David: What did the EU ever do for us?

Published: Monday, 21 March 2016

With the EU referendum coming up my thoughts turned to the benefits that EU membership has brought to the canal boating community.

There have been many infrastructure projects for which, according to the plaques which are always put up, a Brussels contribution has been received. The plaques, however, never specify how much the payment was—there are always other contributors—and it could be argued that this is simply our own money being returned.


Then there's red diesel. A few years ago Brussels decreed that British boaters should no longer be allowed to use red diesel for propulsion—somehow or other this was unfair to European boaters, who didn't have the same concession. Our own government fought against this, but was eventually forced to accept it and thus came up with the present messy compromise which has to take account of the fact that we are allowed to use red diesel for non-propulsion purposes. The net result of this gratuitous interference is that we pay a lot more for diesel and a considerable number of canalside providers have closed, as the bureaucracy is simply too much hassle.

About 15 years ago Brussels came up with the Recreational Craft Directive, which lays down all sorts of rules for the building of new boats. It is difficult to see what this achieves that our own Boat Safety Scheme does not. It does, however, impose a considerable administrative cost on boat builders which has to be passed on to buyers.

Then there's the things they haven't done yet, but would like to. These include the Grey Water Directive, which would require at least new boats, and in the worst case all boats, to cease putting their 'grey' water (from sinks and showers) overboard and keep it in a holding tank for later pump out.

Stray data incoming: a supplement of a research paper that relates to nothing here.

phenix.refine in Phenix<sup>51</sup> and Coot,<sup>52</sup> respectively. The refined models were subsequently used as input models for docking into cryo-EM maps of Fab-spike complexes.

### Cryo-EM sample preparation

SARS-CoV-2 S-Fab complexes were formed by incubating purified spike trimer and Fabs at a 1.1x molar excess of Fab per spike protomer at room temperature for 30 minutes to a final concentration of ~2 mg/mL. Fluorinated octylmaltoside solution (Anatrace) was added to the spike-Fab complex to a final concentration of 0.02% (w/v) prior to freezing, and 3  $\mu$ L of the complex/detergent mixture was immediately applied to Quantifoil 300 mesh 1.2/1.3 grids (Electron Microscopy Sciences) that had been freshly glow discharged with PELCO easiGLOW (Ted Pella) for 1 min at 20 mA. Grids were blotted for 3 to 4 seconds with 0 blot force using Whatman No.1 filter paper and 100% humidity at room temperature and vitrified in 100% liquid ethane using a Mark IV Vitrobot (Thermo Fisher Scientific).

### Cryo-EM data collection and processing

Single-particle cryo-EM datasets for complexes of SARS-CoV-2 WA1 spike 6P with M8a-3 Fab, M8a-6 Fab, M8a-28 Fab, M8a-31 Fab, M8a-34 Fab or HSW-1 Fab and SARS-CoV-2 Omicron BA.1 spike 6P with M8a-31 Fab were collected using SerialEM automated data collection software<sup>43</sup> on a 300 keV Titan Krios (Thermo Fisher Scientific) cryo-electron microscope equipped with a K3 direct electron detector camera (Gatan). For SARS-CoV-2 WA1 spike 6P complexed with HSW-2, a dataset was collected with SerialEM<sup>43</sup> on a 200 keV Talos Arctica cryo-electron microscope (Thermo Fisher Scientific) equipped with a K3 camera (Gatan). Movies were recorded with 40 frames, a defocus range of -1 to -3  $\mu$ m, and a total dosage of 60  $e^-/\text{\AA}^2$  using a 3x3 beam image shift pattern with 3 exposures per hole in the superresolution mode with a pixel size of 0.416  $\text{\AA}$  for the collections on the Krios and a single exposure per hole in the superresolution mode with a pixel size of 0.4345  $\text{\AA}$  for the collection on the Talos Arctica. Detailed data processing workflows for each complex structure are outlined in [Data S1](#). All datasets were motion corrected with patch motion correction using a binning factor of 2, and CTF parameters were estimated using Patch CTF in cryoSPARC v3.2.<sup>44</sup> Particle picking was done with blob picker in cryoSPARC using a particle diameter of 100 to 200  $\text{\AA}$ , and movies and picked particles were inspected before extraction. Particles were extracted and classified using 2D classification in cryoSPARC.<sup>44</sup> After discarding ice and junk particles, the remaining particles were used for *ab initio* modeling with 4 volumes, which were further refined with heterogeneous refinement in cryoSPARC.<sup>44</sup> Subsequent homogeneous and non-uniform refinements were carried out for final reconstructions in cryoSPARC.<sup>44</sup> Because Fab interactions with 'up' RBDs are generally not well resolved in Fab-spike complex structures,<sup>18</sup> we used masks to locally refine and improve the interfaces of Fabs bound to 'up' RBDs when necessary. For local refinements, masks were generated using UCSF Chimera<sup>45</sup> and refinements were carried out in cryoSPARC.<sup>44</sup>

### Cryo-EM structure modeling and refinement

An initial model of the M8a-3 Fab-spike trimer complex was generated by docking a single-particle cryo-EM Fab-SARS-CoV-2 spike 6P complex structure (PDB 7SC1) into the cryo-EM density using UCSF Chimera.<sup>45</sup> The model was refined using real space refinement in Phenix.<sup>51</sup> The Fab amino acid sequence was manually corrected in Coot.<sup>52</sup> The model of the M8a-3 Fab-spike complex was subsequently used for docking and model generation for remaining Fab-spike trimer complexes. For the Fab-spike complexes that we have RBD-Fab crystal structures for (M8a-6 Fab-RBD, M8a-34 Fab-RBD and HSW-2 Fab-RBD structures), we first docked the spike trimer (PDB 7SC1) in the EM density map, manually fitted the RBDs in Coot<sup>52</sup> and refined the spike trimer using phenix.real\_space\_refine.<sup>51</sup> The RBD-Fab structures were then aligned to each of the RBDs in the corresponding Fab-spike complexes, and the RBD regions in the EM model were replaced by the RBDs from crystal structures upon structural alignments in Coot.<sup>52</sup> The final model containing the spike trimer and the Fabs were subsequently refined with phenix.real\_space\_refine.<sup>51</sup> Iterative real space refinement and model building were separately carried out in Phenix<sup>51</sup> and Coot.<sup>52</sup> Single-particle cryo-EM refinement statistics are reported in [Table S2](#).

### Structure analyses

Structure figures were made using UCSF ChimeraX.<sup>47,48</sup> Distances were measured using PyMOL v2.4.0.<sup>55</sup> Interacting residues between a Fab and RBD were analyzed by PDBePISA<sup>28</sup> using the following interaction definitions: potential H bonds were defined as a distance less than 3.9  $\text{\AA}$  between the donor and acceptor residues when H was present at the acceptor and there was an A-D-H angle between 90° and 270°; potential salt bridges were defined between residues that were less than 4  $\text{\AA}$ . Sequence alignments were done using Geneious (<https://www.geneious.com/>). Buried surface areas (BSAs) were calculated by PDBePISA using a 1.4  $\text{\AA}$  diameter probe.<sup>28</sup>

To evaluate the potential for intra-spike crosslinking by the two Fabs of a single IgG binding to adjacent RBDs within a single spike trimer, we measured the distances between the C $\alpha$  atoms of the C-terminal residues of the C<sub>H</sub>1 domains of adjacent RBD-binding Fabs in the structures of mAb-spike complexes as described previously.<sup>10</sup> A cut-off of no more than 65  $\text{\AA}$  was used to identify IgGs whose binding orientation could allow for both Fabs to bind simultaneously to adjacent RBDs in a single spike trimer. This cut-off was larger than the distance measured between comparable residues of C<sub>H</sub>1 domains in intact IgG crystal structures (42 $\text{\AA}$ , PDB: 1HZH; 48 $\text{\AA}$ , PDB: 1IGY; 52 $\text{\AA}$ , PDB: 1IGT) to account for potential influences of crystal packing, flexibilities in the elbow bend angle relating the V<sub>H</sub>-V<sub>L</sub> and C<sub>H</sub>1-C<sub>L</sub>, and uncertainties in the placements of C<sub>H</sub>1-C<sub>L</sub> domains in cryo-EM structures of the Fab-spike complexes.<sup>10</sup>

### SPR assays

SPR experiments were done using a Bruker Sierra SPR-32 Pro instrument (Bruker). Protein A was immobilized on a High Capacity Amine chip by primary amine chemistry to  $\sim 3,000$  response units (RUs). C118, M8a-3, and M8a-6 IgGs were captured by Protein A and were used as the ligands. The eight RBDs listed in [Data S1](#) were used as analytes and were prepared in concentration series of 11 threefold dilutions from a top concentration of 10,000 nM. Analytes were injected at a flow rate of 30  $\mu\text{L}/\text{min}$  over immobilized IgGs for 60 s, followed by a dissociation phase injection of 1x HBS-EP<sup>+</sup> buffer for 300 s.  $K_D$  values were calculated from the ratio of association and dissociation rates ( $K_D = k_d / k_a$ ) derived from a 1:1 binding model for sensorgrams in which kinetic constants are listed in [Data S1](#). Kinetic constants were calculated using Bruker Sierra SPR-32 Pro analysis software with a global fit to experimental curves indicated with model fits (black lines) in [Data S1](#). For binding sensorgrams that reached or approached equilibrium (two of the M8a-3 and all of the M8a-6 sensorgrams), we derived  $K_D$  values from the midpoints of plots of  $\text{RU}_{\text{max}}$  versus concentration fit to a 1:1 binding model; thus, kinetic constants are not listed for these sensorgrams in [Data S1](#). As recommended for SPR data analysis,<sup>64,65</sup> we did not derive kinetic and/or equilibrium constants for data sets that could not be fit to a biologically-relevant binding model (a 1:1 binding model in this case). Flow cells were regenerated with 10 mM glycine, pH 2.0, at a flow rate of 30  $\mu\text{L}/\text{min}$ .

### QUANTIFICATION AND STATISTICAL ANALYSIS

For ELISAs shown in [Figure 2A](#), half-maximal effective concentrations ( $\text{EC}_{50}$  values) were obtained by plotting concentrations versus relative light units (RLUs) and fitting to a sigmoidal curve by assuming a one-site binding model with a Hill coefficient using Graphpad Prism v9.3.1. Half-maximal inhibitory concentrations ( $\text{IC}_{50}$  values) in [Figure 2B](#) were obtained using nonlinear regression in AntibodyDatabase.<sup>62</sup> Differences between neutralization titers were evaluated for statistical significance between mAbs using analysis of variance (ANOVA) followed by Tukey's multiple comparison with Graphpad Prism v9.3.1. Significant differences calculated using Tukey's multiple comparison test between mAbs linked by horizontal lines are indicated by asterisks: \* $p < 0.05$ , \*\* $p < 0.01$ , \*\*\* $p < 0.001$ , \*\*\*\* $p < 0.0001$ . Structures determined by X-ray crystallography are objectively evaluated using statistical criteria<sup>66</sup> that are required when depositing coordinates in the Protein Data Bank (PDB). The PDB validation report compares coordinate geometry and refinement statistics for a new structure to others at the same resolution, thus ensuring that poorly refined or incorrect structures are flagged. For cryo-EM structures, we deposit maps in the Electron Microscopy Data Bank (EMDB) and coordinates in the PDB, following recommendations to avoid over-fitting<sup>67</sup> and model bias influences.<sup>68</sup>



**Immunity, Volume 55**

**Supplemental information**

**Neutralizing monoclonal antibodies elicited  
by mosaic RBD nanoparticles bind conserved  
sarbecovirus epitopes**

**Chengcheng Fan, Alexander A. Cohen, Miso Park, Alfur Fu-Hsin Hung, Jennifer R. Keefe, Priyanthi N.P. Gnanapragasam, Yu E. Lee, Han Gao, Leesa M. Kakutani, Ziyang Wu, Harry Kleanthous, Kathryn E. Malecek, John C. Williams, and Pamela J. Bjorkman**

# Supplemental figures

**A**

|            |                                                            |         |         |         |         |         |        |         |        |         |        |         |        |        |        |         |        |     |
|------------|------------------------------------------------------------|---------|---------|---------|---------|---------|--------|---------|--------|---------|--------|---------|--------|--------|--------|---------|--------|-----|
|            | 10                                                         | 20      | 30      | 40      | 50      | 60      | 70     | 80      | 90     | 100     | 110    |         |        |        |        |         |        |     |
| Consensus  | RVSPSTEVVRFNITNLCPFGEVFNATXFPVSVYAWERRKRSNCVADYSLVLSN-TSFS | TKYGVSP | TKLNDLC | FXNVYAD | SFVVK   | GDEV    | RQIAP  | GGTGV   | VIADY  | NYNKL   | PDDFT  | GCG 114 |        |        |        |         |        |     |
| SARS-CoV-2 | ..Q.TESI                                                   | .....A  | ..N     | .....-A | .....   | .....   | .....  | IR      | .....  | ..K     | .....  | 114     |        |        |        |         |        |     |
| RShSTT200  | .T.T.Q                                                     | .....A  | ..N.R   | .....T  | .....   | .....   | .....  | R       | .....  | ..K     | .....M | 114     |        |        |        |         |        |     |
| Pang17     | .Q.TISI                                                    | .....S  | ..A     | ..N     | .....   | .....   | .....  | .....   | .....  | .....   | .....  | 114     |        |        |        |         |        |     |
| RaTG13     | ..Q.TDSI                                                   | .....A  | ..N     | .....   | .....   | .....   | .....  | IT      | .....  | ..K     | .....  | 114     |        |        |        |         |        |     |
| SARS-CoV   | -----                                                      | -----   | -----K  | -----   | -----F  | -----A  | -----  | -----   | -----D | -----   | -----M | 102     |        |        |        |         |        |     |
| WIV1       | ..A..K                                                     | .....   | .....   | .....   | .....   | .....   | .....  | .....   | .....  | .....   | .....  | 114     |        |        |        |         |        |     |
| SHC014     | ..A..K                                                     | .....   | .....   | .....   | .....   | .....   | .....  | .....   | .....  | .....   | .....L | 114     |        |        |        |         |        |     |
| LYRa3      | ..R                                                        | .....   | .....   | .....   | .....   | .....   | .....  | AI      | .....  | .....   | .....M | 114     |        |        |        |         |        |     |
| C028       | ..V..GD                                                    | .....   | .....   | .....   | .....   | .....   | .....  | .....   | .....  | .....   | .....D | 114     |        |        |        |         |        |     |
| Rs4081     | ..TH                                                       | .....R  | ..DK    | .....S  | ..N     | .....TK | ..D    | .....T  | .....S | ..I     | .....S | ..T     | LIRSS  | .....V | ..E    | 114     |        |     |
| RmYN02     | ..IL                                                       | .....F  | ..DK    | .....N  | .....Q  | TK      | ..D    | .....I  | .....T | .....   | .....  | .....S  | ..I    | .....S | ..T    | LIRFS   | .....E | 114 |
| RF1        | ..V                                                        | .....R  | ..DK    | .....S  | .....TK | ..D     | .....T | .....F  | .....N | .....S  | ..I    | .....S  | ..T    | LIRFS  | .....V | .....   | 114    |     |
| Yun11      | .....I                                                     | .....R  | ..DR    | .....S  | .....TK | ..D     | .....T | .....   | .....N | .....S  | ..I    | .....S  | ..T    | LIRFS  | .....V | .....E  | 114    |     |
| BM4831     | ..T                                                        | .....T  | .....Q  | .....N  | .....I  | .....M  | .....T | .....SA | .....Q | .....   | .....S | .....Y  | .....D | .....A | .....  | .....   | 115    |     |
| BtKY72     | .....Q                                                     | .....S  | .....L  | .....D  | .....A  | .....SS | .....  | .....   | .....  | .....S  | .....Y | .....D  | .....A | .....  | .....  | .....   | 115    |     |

The same goes for a requirement for some sort of compulsory helmsman's qualification, which is already in operation in some European countries and which Brussels would like to extend everywhere in the interests of their famous 'level playing field'. So far our government has fought these off, but as with red diesel they will probably be overruled in the end.

Boating in ice

I have had some happy times boating when the canal is frozen and see no good reason why it should be restricted—in any case enforcement would be impossible. Doing it is fairly self-limiting anyway; once the ice is an inch thick it becomes nigh on impossible to break it, unless you are prepared to keep backing off and charging or adopt more desperate measures like using a gas cylinder on a rope or the boat pole—these don't work, by the way. Narrow locks become impossible to work, since the loose ice prevents the gates from opening properly and lift and swing bridges tend to freeze shut. I can well remember pouring kettles of boiling water onto a Llangollen bridge to try and un-stick it—that didn't work either.

I remember being told a long time ago about British Waterways reaction to complaints from fibre glass boat owners that their craft had been damaged by ice disturbed by passing steel boats. Realising that any restriction on boat movement in ice would impact on their own work boats they simply pointed out to fibre glass owners that the bye-laws required that their craft should be 'fit for purpose' and if they were damaged by ice they clearly weren't fit and please would they remove them. No further complaints were heard.

David Hymers